Titan Ridge recently expanded its operations, giving it a total of 16 shingle cutting machines.

As Titan’s needs have grown, Canfor and Lemare Lake Logging have also stepped up to supply shingle and utility western red cedar. The company also received financial support from the local Community Futures Development Corporation.

The employees at Titan Ridge have been the key drivers in the success of the company, Pilatzke says. The company has added employees as it has grown over the last five years, and done a lot of training, rather than hiring people who have experience in the shake and shingle industry. This has probably been in their favour, says Pilatzke, since they work with low quality cedar logs and blocks.

“We need to be able to work with low quality logs and still produce a high quality product. Someone who had already worked in the industry might be more used to working with high quality timber from the start. But our employees know that we have to work with what we get and still turn out quality product.” He estimates they’ve trained upwards of 85 per cent of their employees.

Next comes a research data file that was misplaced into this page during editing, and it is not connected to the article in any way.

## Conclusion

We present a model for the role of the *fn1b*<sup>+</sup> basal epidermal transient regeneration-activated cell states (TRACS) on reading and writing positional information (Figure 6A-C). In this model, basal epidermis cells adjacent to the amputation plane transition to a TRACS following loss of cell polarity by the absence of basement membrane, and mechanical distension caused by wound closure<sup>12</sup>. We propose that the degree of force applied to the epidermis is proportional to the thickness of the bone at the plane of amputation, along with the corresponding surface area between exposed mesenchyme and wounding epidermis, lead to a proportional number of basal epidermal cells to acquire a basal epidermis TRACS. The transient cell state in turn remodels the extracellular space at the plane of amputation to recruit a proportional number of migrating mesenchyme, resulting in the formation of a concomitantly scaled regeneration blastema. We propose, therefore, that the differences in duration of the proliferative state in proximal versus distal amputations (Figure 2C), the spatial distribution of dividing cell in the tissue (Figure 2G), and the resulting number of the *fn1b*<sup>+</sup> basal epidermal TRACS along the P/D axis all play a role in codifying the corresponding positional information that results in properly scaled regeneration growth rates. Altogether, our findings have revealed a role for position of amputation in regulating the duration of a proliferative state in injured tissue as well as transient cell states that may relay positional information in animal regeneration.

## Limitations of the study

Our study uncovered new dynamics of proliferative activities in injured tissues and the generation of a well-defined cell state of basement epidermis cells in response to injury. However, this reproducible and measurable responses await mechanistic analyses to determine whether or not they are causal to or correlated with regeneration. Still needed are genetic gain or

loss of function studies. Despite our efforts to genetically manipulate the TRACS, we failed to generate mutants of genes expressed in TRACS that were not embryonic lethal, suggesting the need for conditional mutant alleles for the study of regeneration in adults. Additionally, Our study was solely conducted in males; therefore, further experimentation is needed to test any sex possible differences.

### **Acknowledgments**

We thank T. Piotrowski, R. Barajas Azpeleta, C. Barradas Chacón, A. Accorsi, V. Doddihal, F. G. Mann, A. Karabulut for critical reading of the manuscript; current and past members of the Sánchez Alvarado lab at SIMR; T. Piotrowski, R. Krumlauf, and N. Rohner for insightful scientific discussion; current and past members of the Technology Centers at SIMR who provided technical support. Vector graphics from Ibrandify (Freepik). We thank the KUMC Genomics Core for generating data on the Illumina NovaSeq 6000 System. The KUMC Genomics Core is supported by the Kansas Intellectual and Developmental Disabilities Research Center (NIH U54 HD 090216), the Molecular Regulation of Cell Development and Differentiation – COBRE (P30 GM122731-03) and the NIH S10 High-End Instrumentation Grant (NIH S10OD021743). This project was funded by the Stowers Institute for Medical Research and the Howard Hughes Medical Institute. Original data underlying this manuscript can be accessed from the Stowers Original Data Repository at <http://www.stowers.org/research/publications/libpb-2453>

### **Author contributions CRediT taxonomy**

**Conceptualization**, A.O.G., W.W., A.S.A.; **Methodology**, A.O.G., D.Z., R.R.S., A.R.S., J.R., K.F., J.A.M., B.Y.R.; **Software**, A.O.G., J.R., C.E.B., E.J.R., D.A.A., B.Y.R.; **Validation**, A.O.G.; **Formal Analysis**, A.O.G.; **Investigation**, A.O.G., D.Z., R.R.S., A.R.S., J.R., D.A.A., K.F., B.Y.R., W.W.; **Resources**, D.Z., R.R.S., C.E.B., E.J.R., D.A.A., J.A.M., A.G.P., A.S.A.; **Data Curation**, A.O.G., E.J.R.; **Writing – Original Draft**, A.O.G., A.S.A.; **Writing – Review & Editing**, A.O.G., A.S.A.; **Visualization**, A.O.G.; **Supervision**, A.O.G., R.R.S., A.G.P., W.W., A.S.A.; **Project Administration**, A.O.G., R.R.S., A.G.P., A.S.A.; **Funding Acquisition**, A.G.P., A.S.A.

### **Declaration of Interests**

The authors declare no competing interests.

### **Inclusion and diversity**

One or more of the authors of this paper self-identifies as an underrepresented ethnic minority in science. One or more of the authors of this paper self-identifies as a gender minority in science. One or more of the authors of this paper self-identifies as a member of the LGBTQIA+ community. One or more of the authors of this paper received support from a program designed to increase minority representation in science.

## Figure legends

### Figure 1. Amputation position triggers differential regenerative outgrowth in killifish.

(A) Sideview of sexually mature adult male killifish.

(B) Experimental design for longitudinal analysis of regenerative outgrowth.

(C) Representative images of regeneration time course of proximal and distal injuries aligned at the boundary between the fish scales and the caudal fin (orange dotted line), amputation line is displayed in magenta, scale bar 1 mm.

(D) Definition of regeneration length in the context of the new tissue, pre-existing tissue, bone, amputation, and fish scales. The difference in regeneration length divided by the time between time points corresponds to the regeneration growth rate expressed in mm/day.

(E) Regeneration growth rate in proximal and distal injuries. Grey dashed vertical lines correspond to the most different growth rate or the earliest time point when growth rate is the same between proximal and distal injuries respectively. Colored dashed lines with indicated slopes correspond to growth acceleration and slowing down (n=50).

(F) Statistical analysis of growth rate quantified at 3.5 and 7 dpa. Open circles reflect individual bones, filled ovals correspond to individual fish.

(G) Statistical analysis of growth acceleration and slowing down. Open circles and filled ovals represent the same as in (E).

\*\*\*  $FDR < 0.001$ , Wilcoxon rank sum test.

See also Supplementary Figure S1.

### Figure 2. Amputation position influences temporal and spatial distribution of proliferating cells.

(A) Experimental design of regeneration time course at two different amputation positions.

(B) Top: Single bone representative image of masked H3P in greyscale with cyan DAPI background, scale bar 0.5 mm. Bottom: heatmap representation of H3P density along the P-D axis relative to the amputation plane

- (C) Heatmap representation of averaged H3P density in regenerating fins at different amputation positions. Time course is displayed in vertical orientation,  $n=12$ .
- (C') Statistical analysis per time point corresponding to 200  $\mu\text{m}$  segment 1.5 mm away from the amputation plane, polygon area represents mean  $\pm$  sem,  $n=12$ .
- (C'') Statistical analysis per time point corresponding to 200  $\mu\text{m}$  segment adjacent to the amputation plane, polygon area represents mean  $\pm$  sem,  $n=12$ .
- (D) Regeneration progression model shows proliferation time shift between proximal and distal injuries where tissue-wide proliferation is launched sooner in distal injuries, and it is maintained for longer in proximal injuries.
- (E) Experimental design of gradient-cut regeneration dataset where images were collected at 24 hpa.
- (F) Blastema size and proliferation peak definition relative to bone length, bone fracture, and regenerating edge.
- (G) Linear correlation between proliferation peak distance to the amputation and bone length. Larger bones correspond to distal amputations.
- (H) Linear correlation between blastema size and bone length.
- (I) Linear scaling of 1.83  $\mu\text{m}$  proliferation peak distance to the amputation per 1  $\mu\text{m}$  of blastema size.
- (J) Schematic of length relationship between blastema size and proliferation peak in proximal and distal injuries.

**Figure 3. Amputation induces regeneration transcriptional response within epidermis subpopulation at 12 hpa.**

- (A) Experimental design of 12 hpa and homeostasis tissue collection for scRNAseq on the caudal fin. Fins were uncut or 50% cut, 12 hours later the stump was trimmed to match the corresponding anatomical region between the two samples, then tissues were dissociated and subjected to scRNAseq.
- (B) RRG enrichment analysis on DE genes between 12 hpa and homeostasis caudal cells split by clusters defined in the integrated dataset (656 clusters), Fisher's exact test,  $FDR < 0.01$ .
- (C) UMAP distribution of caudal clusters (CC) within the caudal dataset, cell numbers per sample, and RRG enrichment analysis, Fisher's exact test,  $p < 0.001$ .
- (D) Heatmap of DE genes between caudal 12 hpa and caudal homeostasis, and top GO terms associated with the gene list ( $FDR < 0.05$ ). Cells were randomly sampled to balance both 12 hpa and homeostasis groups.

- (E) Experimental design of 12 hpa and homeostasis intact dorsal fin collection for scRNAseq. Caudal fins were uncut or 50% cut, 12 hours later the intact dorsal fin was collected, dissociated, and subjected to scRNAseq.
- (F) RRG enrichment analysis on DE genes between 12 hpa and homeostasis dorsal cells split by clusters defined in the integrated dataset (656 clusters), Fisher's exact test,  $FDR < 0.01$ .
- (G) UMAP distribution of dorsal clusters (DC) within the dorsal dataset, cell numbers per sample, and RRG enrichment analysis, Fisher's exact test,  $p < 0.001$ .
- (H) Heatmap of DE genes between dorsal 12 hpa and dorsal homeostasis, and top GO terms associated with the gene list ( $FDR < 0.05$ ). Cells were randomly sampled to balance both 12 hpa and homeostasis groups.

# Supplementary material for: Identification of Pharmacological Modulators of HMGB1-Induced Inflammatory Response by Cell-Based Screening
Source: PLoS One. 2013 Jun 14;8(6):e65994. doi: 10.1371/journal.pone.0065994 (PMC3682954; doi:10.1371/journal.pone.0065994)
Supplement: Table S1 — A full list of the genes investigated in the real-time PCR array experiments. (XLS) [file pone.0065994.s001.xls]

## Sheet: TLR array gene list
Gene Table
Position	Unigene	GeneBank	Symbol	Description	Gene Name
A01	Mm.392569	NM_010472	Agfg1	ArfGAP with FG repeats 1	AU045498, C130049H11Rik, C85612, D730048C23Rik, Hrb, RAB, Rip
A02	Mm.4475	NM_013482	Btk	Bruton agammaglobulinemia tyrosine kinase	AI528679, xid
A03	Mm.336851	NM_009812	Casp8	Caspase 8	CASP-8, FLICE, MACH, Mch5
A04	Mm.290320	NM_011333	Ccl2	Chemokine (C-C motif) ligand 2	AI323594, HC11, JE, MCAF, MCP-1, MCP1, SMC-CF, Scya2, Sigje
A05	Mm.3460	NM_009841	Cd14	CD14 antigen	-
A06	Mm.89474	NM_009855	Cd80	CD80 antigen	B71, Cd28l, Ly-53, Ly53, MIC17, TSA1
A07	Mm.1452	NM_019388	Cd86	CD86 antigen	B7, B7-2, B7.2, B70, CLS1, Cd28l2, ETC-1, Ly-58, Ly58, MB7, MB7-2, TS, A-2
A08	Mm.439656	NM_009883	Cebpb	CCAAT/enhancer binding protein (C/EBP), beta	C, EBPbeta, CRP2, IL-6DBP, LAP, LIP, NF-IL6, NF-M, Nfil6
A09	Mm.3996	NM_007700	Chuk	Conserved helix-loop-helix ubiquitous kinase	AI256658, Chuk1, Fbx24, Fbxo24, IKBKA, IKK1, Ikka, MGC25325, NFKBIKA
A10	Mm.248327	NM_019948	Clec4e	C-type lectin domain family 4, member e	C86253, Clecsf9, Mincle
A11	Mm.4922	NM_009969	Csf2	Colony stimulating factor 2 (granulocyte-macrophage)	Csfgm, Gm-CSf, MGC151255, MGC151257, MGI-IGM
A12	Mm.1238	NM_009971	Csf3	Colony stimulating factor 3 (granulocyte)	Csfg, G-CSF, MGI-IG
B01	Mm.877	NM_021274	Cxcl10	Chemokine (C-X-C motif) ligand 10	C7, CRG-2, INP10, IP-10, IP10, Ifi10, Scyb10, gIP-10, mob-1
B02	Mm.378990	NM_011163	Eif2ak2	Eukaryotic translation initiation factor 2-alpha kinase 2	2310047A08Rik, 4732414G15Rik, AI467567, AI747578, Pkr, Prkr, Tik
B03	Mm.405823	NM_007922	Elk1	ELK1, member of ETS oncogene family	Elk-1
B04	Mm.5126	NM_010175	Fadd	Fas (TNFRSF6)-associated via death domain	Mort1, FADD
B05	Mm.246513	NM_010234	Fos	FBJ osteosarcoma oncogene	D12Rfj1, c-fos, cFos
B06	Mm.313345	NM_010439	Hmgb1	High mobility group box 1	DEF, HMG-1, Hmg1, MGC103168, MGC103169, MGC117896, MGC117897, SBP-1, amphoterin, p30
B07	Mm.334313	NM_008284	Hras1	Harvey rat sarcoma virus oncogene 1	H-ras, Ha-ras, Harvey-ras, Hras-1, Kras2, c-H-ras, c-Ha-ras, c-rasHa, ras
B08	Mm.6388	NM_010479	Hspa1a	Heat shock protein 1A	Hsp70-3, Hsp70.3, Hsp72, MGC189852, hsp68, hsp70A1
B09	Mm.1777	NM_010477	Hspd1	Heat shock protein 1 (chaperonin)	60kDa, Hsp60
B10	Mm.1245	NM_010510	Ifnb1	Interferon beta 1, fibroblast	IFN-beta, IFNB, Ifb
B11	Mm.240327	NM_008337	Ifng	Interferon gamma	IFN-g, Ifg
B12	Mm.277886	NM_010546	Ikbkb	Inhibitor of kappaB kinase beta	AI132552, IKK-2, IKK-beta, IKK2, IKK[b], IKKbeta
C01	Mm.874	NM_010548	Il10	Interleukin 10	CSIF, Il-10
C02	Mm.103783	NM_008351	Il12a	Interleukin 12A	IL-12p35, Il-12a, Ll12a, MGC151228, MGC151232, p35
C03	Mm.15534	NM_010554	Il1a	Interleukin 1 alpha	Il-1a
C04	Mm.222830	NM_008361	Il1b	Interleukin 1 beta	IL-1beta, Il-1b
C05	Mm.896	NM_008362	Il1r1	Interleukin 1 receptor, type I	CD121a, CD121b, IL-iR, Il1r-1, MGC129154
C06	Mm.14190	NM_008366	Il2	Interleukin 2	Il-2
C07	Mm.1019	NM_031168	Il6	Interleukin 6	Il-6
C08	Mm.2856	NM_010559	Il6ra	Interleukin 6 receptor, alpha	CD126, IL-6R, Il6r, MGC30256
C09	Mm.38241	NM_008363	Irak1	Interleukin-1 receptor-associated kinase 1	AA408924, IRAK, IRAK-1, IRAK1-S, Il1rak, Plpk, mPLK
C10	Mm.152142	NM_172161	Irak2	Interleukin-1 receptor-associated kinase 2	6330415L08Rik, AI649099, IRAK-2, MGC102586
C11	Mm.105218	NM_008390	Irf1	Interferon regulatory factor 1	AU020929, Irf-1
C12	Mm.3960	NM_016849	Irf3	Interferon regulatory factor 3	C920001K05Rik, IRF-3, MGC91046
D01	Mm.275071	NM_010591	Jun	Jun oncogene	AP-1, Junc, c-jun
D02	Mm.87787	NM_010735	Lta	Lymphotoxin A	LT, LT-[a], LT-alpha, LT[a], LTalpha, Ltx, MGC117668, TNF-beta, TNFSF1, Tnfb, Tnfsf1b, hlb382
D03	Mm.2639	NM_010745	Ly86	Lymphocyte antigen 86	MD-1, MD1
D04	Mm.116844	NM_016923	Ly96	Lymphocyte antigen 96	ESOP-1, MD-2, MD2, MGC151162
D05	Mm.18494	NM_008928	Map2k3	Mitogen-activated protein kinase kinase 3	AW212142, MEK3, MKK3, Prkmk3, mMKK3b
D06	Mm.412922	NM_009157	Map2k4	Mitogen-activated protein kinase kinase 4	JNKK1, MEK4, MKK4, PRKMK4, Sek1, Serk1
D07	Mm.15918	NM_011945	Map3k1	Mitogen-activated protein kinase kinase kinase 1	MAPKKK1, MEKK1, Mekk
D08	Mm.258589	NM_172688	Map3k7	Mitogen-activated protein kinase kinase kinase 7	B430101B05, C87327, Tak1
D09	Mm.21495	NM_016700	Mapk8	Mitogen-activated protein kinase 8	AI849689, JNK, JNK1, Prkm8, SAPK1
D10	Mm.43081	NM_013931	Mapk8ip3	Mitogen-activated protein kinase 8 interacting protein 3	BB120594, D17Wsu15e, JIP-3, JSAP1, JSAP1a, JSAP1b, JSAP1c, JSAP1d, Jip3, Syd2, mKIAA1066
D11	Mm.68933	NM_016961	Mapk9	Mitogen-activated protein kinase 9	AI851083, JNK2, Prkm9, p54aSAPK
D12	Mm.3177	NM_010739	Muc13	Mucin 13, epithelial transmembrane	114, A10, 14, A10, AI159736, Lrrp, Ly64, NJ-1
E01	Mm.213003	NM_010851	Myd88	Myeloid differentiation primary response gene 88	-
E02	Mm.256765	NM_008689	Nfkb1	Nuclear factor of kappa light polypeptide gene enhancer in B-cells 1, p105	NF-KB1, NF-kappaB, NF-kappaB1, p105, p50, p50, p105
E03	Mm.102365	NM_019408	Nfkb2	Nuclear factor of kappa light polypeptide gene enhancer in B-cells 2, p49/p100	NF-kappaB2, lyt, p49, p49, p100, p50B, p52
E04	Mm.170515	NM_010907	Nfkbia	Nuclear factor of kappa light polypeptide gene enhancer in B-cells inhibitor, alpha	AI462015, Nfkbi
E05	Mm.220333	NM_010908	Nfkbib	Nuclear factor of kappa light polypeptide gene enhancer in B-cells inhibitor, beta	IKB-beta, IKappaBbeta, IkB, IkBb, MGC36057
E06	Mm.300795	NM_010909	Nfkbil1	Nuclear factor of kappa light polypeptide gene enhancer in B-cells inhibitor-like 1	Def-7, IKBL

Although he is expecting a tight cedar supply situation in the next year—due to uncertainty in the BC coastal industry— the future still looks positive for Titan Ridge.

“The challenge,” says Pilatzke, “has been going from what I hoped it was going to be—a small operation—to where it is today, a much bigger operation.

“I would have liked to have stayed small, but it turned out it wasn’t going to work if we went that way, so we’ve adjusted on the fly.”